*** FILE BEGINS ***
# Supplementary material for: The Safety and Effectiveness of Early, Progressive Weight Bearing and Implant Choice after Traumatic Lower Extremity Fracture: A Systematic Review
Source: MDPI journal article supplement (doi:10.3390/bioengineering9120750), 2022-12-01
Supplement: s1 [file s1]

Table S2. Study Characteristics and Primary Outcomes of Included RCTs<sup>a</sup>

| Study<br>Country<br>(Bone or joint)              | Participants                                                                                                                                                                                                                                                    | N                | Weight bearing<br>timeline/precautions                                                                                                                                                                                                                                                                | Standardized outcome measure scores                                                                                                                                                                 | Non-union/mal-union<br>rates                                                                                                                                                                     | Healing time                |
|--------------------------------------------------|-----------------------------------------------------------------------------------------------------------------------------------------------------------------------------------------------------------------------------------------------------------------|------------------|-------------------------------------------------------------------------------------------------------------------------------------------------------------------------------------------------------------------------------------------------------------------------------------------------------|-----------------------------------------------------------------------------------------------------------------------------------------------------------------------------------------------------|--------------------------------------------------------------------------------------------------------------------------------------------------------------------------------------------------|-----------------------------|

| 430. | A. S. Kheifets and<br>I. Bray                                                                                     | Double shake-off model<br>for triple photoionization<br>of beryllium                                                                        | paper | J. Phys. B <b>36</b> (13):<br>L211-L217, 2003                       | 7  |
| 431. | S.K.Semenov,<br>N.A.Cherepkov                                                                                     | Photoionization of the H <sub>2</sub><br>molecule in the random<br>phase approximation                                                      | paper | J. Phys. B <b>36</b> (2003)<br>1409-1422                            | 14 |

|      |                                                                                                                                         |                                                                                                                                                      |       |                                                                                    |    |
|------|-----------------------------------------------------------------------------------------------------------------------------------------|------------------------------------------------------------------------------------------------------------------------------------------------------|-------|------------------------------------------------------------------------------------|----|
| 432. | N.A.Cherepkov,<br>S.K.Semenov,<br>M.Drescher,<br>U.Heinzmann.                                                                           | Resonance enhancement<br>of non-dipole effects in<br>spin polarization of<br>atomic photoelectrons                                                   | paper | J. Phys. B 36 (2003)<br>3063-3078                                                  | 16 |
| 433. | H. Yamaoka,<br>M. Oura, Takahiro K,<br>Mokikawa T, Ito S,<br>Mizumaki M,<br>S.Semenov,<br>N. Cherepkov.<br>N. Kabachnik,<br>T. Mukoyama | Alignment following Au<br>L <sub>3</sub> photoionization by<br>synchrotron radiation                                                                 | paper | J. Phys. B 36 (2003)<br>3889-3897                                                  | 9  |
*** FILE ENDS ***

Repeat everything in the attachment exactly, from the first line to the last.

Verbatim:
# Supplementary material for: The Safety and Effectiveness of Early, Progressive Weight Bearing and Implant Choice after Traumatic Lower Extremity Fracture: A Systematic Review
Source: MDPI journal article supplement (doi:10.3390/bioengineering9120750), 2022-12-01
Supplement: s1 [file s1]

Table S2. Study Characteristics and Primary Outcomes of Included RCTs<sup>a</sup>

| Study<br>Country<br>(Bone or joint)              | Participants                                                                                                                                                                                                                                                    | N                | Weight bearing<br>timeline/precautions                                                                                                                                                                                                                                                                | Standardized outcome measure scores                                                                                                                                                                 | Non-union/mal-union<br>rates                                                                                                                                                                     | Healing time                |
|--------------------------------------------------|-----------------------------------------------------------------------------------------------------------------------------------------------------------------------------------------------------------------------------------------------------------------|------------------|-------------------------------------------------------------------------------------------------------------------------------------------------------------------------------------------------------------------------------------------------------------------------------------------------------|-----------------------------------------------------------------------------------------------------------------------------------------------------------------------------------------------------|--------------------------------------------------------------------------------------------------------------------------------------------------------------------------------------------------|-----------------------------|

| 430. | A. S. Kheifets and<br>I. Bray                                                                                     | Double shake-off model<br>for triple photoionization<br>of beryllium                                                                        | paper | J. Phys. B <b>36</b> (13):<br>L211-L217, 2003                       | 7  |
| 431. | S.K.Semenov,<br>N.A.Cherepkov                                                                                     | Photoionization of the H <sub>2</sub><br>molecule in the random<br>phase approximation                                                      | paper | J. Phys. B <b>36</b> (2003)<br>1409-1422                            | 14 |

|      |                                                                                                                                         |                                                                                                                                                      |       |                                                                                    |    |
|------|-----------------------------------------------------------------------------------------------------------------------------------------|------------------------------------------------------------------------------------------------------------------------------------------------------|-------|------------------------------------------------------------------------------------|----|
| 432. | N.A.Cherepkov,<br>S.K.Semenov,<br>M.Drescher,<br>U.Heinzmann.                                                                           | Resonance enhancement<br>of non-dipole effects in<br>spin polarization of<br>atomic photoelectrons                                                   | paper | J. Phys. B 36 (2003)<br>3063-3078                                                  | 16 |
| 433. | H. Yamaoka,<br>M. Oura, Takahiro K,<br>Mokikawa T, Ito S,<br>Mizumaki M,<br>S.Semenov,<br>N. Cherepkov.<br>N. Kabachnik,<br>T. Mukoyama | Alignment following Au<br>L <sub>3</sub> photoionization by<br>synchrotron radiation                                                                 | paper | J. Phys. B 36 (2003)<br>3889-3897                                                  | 9  |